Gillian Flynn – Gone Girl
Length: 432 pages
Genre: Psychological Thriller
Started: 20 April 2013
Finished: 25 April 2013
Where did it come from? Purchased at a local bookstore.
Why do I have it? Book club selection this month.
How long has it been on my TBR pile? Since 13 March 2013.
A missing wife and
are half the story…
Summary: Nick Dunne is just your average guy. Things haven’t been going particularly well for him and his wife Amy lately – they both lost their NYC jobs, and had to move back to the small Missouri town where he grew up to care for his ailing mother and mentally deteriorating father. Nick knew Amy wasn’t particularly happy, and that their relationship had its share of troubles, but then he comes home on the day of their anniversary to find the front door open, the living room in disarray, and his wife missing. As the police investigate, they come to believe that Amy is dead… and Nick is their number-one suspect.
Review: This is one of those reviews that’s almost impossible to write, because the best things about this book, the things I most want to discuss, are super-spoilery, and half of the fun of this book is the twists and turns that Flynn takes her readers through, and I don’t want to take that away from any potential readers. For starters, I will say that my summary above is really only a summary of the first section of the book, due to the plot twists. Flynn’s great at yanking her readers around; every time I thought I had the book pinned down, and thought I had a handle on what was really going on, she’d throw another completely unexpected wrench into the works. It’s not what I would consider a “typical” unreliable narrator book (like Liar or The Lace Reader), although there’s definitely elements of that. Both Nick and Amy are never entirely truthful, either when it comes to their interactions with others, or even with themselves, and it’s very easy as a reader to get caught up in their perspectives on things, and very difficult to remember that what we are being told may not be entirely true either.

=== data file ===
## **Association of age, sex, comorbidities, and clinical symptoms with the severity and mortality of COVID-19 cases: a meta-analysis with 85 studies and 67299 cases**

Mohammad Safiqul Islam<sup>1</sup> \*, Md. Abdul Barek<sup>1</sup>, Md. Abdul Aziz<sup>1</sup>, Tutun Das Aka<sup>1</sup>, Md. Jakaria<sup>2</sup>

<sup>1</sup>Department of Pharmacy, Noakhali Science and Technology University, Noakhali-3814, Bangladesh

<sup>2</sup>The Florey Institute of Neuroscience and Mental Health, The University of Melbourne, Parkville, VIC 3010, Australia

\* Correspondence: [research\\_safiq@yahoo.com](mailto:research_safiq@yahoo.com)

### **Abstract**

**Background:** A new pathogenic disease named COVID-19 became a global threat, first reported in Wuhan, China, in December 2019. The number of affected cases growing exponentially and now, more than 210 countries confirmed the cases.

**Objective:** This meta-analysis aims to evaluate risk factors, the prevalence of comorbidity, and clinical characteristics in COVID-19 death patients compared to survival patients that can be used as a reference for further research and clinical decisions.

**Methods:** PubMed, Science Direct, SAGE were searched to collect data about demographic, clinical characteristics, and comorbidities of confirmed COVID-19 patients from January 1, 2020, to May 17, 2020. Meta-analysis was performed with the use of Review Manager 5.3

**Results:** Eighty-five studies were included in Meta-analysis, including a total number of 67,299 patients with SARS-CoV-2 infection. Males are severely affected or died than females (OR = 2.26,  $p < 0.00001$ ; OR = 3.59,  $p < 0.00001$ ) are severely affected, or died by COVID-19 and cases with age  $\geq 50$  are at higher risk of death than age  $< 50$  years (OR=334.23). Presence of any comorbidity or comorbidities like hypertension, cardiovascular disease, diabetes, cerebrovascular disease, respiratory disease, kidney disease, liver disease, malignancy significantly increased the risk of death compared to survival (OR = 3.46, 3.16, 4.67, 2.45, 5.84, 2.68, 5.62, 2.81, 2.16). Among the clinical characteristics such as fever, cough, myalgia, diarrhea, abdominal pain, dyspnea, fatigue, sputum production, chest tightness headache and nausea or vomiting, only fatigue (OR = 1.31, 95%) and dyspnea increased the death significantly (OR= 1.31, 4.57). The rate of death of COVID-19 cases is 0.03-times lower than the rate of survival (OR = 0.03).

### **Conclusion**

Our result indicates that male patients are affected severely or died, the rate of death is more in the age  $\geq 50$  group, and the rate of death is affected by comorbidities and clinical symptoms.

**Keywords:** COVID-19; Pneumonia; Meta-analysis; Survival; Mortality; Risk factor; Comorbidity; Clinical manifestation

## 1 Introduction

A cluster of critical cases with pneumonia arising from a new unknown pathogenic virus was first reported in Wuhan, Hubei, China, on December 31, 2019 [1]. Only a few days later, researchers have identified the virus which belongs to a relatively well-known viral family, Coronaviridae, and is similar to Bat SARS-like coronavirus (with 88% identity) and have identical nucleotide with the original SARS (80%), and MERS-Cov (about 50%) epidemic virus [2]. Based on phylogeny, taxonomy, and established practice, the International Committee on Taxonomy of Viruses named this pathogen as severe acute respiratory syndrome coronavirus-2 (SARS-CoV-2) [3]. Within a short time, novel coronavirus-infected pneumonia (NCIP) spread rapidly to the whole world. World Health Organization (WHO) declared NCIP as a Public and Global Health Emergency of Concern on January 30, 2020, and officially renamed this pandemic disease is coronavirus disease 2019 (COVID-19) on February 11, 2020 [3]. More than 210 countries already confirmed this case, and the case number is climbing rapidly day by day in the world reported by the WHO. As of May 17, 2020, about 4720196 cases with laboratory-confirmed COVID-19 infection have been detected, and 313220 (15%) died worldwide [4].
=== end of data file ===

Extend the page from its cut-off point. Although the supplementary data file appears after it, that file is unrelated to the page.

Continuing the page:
Flynn is also good at building and maintaining a crazy sense of tension. Maybe too good: while I read the last half of the book all in a rush, during the early stages I could only read for an hour or less before the tension in the book would start making me anxious and I’d have to put it down. Part of that is because while neither Nick nor Amy are particularly likable, there are elements of each of them that are recognizable, and relatable, and that was a pretty uncomfortable feeling. A big theme of the book is “how well do we ever really know the people we love,” and to hear those familiar thoughts from characters who went on to do the things they did was pretty discomfiting. The tension of the book is also aided by Flynn’s incredibly tight plot, for all the twists and turns; every time I’d think I saw an out, something the characters hadn’t considered, Flynn was always two steps ahead of me.